• short, medium and long-term goals can be established and agreed
  • goals increase focus and raise levels of motivation and exercise adherence

Conducting a Comprehensive Health and Fitness Appraisal

In principle, two components make up a health and fitness appraisal. First, an individual’s current health and lifestyle status should be classified. Secondly, this information should be used to screen clients before testing physical fitness. The following procedures should be followed.

Health evaluation:

The purpose of a health evaluation is to identify the presence of disease and to assess an individual’s disease risk status (Heyward, 1998). Some simple pre-test and test measures to assess current health status can be followed. Based on the results a professional judgement is made whether to refer or not. Measures include:

  • administering the Physical Activity Readiness Questionnaire (PAR-Q)
  • assessing the clients coronary risk profile using CHD risk factor table
  • administering medical and lifestyle questionnaire
  • performance of static tests

Physical Activity Readiness Questionnaire (PAR-Q):

The Physical Activity Readiness Questionnaire (PAR-Q) developed by the Canadian Society for Exercise Physiology (appendix 1) is a popular screening tool. When used in its unadulterated form, the seven questions PAR-Q is effective in identifying medical contraindications to exercise. If the client answers ‘yes’ to any of the questions then medical clearance should be sought from their GP before exercise begins.

Coronary risk factor profile:

Using the ‘primary and secondary’ risk factor table PTs can quickly assess the client’s current coronary risk status. The client can then be assigned to one of three categories, these are:

  • medical referral -clients in this category have a serious condition or serious medical risk factor for coronary heart disease (CHD). They should always be referred to their GP.  However, the majority of clients in this group will benefit from a regular exercise programme. It is advisable to write a letter to the client’s doctor outlining assessment results.  In most cases, the trainer will know much more about exercise than the client’s GP.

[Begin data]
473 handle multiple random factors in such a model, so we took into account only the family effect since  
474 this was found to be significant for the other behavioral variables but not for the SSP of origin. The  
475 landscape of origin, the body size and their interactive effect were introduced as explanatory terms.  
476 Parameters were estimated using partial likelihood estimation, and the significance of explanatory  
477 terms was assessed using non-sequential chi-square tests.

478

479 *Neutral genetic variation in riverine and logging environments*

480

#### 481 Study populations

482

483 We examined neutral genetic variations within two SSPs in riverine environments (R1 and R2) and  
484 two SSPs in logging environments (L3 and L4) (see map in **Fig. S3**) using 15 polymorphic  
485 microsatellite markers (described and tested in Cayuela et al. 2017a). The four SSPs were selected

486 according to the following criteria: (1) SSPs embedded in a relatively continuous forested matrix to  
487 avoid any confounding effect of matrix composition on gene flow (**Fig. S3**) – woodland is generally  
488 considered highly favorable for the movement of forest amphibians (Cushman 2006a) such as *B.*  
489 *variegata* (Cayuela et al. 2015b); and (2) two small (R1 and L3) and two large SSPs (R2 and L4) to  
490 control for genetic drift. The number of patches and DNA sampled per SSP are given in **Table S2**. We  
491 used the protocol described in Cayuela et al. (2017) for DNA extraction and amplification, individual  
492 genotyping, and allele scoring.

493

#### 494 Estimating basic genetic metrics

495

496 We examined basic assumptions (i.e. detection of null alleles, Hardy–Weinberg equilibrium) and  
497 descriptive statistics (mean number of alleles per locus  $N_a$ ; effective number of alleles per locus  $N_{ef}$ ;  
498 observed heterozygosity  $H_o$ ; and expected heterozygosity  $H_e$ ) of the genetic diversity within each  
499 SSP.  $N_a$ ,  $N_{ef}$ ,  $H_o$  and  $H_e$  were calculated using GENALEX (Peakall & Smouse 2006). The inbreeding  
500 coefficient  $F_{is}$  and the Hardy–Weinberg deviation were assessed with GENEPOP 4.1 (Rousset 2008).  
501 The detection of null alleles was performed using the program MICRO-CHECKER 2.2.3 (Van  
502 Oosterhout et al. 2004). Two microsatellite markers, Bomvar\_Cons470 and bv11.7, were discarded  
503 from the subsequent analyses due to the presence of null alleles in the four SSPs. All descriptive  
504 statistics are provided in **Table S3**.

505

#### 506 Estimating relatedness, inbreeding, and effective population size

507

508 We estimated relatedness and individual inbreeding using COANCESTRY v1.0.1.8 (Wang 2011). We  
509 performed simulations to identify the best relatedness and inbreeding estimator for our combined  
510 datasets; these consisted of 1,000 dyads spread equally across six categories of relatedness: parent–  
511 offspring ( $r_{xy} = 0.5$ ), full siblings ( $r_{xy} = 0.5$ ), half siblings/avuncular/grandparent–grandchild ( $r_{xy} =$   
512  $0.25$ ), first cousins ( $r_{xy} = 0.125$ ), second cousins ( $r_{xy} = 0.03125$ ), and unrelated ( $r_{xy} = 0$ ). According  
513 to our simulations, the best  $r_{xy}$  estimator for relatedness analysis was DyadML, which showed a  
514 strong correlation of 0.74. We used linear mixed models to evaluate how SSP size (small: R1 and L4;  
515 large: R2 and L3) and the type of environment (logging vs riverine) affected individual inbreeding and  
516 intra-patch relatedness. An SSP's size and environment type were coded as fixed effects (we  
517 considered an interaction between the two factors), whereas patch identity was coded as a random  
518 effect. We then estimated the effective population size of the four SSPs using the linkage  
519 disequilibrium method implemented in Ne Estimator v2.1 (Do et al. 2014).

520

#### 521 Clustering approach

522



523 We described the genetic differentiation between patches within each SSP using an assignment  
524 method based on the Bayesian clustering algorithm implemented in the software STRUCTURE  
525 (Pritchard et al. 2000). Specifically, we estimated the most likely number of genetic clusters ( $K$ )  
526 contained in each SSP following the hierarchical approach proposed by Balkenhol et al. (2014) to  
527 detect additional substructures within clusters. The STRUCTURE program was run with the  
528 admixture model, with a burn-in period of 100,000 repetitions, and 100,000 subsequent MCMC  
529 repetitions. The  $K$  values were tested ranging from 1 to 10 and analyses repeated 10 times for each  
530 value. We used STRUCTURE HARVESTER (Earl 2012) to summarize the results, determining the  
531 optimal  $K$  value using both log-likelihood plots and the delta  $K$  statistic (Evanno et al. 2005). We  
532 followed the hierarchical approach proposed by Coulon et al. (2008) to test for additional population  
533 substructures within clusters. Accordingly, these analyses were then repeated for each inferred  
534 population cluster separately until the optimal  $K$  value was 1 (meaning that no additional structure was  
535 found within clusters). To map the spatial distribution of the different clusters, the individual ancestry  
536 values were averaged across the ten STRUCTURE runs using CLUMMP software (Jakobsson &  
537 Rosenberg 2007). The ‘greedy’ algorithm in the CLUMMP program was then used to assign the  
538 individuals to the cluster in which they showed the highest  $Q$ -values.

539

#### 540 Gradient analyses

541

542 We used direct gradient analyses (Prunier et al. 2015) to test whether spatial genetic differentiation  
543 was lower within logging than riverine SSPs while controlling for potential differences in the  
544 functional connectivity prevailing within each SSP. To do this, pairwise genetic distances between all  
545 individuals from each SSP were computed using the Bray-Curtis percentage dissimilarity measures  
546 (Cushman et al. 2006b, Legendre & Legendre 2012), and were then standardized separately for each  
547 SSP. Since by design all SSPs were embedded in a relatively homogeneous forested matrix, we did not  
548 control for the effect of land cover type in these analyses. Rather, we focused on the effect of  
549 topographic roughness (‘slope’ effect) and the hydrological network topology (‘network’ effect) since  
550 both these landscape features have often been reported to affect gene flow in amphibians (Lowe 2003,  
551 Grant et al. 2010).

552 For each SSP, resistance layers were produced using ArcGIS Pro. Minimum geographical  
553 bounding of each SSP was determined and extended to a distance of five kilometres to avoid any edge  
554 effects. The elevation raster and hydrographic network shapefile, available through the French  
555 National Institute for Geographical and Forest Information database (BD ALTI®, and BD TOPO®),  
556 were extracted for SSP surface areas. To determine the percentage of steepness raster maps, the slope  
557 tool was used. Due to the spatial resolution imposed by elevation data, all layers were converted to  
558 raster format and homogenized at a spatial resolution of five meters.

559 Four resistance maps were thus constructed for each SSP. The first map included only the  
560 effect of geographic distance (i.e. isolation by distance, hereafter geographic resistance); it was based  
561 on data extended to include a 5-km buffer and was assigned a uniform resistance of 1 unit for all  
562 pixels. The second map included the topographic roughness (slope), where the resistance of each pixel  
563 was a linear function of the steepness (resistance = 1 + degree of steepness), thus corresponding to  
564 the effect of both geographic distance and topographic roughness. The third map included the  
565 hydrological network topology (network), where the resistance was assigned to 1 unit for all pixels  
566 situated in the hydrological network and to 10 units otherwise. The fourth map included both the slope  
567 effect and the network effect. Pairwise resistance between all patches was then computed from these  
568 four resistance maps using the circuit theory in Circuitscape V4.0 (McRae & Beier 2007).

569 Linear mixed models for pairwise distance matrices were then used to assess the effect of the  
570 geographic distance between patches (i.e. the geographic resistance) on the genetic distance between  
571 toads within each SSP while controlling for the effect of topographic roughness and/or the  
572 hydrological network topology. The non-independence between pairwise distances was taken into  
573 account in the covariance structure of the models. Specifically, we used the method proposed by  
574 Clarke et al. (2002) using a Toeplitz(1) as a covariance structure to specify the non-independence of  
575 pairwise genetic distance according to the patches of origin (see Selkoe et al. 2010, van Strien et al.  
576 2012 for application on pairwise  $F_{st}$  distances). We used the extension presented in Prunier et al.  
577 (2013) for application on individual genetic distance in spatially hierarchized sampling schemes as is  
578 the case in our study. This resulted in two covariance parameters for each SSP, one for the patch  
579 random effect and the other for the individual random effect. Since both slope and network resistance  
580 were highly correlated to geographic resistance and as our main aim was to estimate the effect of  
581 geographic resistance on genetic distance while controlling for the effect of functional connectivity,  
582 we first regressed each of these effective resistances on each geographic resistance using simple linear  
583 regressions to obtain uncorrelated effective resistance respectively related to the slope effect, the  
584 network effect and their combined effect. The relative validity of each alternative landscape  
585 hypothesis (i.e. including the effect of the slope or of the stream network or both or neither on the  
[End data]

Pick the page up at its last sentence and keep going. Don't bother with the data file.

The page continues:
• special attention -clients may be placed into this category for several reasons.  Clients present with several factors that together contribute a risk for CHD. Or, it may simply be because they are older or have not exercised before.  Many factors have to be taken into consideration. It becomes a matter of personal judgement whether or not to refer.
  • fit and healthy -clients in this group have no health problems, no risk factors for CHD and have been following a regular exercise programme for at least two months.  This group includes most sports specific athletes.

Criteria for medical referral:

There are four criteria for referring a client to their GP. These are as follows:

  • instant medical referral
  • any factor in the ‘medical referral’ category of the primary and secondary risk factor table
  • any diagnosed metabolic, pulmonary or cardiovascular disease
  • signs or symptoms of a pulmonary or cardiovascular disease
  • several measurements require special attention
  • for example, BP 140/90, current smoker and positive family history of CHD
  • doubt or uncertainty
  • doubt or uncertainty regarding any aspect of the client’s health. The PT should play safe and refer
  • client preference or doubt
  • if the client expresses a desire to be medically referred before starting an exercise programme, again play safe and refer

Referring a client to another health care professional:

If a referral has been identified, the client will need to seek medical clearance (GP or physiotherapist) before carrying on.  However, it’s important the client is kept in the loop and doesn’t just disappear out of the door never to return. In other words, some form of follow up procedure is needed.

Furthermore, networking with other health care professionals is recommended if PT’s are to best serve their clients. Standard referral letters can be drafted (with the client’s consent) or contact can be made direct. Any letter should contain results and comments of areas of concern that have been identified through testing (appendix 3).

Other health care professionals are likely to feel assured of the PT’s ability if this professional approach is adopted. On a final note, schedule an alternative appointment and follow this up with a phone call.